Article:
Tercero Wines

Larry Schaffer

Larry Schaffer started his Tercero label with the 2006 vintage while he was working for Fess Parker Winery – he’s focused on Tercero full-time since 2011. His specialty is wines from Rhône grape varieties, and he sources his fruit exclusively from Santa Barbara County vineyards. Larry was on hand to pour his wines at the event – he always has quite a few to taste so I picked a handful to try. The 2022 Picpoul Blanc, made entirely in stainless steel, featured bright lemon on the nose, lighter weight on the palate, and a zippy acidity and finish. The 2021 Mourvèdre Rosé was also made in stainless steel, and had earthy and bright red fruit and stone fruit plus fresh herb undertones, with a lively texture and finish. The 2021 Counoise was made entirely with foot-trod whole clusters and aged in neutral oak. It had upfront red fruit, spice, and floral aromas with vibrant acidity and a bit of tannic grip on the finish. The 2014 Mourvèdre (it’s the current release) was also fermented with whole clusters and aged in older barrels – it displayed the classic earth, smoke, dried herb, and plum aromas of this variety, with a lively medium-bodied mouthfeel and good structure.

The Grenachista Wine Company

Casey Graybehl

Casey Graybehl launched his Grenachista label in 2013. His focus is exclusively on Grenache – both Blanc and Noir – and he works with vineyards in different parts of Northern California to produce a number of bottlings and styles of Grenache using low-intervention winemaking. I skipped some of the wines that Casey poured since I’d tasted them at the recent Garagiste Wine Festival tasting in Sonoma (the 2021 Cottonwood Vineyard Grenache Noir from Carneros that I tasted there was a standout) but I tasted two I hadn’t tried at that earlier event and both were very good. The 2021 North Coast Grenache Noir, sourced from four vineyards and meant for early drinking, displayed bright red fruit with floral undertones, a light and lively texture and mild tannins. The 2021 Alder Springs Vineyard Grenache Noir is the first vintage from this vineyard for Grenachista, and was fermented entirely with whole clusters. This featured both red and black fruit, earth, and spice, with herbal notes on the nose, a medium-full texture on the palate, and firm tannins – plenty of potential for further development with time in the cellar.

Troon Vineyard

Craig Camp

Located in southern Oregon’s Applegate Valley, Troon was founded in 1972 by Dick Troon. After the current owners purchased the winery and vineyard property in 2017, the 50-acre vineyard has been gradually replanted with about 20 grape varieties and has received both biodynamic and regenerative organic farming certifications. Garett Long is the director of agriculture and Nate Wall is the winemaker. General manager Craig Camp – who’s also the current president of the Rhone Rangers organization – heads up the team at Troon, and was behind the winery table at the tasting. The 2022 Kubli Bench Rosé was barrel-fermented and aged on the lees, and displayed earthy stone fruit and touches of strawberry and spice on the nose, with good acidity and a medium-light weight on the palate. Next was the 2022 “Glou Glou” Grenache, made with partial carbonic fermentation. With loads of upfront bright red fruit along with earth and herb notes, this opened up and gained more aromatic layers with a bit of air, and it had a medium-light mouthfeel and a vibrant finish. I finished with the 2020 Syrah, which featured dark berry fruit, pepper, earth, and smoke aromas, medium-full body, and good structure for cellaring.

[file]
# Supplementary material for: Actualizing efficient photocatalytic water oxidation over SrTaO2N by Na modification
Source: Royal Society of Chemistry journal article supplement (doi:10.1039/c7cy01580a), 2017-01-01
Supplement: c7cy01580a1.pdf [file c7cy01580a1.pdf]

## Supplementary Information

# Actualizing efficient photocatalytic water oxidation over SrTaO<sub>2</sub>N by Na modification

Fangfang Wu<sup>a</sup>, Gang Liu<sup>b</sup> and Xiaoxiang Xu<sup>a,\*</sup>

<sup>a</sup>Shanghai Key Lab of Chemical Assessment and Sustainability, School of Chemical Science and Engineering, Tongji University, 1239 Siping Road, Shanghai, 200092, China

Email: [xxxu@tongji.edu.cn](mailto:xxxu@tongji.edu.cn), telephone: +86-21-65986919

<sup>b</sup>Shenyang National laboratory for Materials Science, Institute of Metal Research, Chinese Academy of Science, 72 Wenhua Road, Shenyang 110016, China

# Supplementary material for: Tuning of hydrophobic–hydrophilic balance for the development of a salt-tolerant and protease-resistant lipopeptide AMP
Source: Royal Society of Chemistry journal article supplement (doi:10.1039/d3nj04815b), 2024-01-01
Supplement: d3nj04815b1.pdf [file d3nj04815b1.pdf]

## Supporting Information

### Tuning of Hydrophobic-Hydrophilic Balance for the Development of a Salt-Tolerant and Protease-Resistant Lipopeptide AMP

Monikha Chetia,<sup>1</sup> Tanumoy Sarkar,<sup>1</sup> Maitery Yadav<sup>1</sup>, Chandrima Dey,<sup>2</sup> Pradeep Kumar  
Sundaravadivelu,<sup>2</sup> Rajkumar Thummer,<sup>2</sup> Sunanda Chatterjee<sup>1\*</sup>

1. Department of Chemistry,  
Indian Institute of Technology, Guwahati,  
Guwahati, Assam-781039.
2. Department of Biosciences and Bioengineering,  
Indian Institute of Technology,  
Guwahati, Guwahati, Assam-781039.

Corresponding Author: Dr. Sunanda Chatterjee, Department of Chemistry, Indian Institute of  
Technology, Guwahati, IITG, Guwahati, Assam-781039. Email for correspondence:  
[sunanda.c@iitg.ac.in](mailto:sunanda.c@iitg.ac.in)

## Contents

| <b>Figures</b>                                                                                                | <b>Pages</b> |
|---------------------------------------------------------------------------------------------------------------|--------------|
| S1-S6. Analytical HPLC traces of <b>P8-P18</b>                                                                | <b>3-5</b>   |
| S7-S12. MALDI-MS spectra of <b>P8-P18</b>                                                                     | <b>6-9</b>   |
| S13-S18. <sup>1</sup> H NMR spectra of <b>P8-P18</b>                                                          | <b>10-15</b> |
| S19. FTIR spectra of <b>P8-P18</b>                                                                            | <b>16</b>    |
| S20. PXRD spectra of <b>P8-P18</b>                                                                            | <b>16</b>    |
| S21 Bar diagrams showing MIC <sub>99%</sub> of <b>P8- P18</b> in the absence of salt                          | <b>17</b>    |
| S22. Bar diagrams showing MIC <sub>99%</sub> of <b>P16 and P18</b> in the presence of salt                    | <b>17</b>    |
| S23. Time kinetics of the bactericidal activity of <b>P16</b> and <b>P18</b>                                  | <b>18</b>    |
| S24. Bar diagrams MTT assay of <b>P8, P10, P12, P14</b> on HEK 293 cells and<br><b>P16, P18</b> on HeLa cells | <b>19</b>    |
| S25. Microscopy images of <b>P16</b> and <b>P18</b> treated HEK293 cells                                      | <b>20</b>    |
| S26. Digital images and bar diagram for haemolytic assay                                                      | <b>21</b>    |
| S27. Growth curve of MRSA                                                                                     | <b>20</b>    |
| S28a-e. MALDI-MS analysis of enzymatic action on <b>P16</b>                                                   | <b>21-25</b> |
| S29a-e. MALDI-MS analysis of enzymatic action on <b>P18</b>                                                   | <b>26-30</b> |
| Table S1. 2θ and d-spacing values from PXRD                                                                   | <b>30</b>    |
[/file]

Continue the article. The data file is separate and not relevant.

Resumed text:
William Chris Vineyards / Lost Draw Cellars

William Chris was established in 2008 by William "Bill" Blackmon and Chris Brundrett in the Texas Hill Country wine region. Sister winery Lost Draw was founded in 2012 by winemaker Andrew Sides along with his uncle Andy Timmons and father-in-law Troy Ottmers. Both labels work exclusively with Texas-grown fruit for their wines. The Lost Draw Timmons Estate Vineyard 2022 Picpoul Blanc, from the Texas High Plains wine region, was made entirely in stainless steel and displayed bright apple and citrus fruit aromas with lighter body and vibrant acidity. The William Chris 2021 Cinsaut, also from the Texas High Plains, had earthy red fruit with floral and spice undertones, medium-light weight on the palate with a lively texture and fairly mild tannins. The William Chris 2020 “Artist Blend” is 35% Syrah, 33% Grenache, 30% Mourvèdre, 2% Tannat, all from Vintage Press Vineyard in Texas Hill Country. This had a bolder and darker fruit profile, with plenty of spice and notes of earth and dried herbs, medium-full bodied with good structure and firmer tannins.


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Updated 7.11.23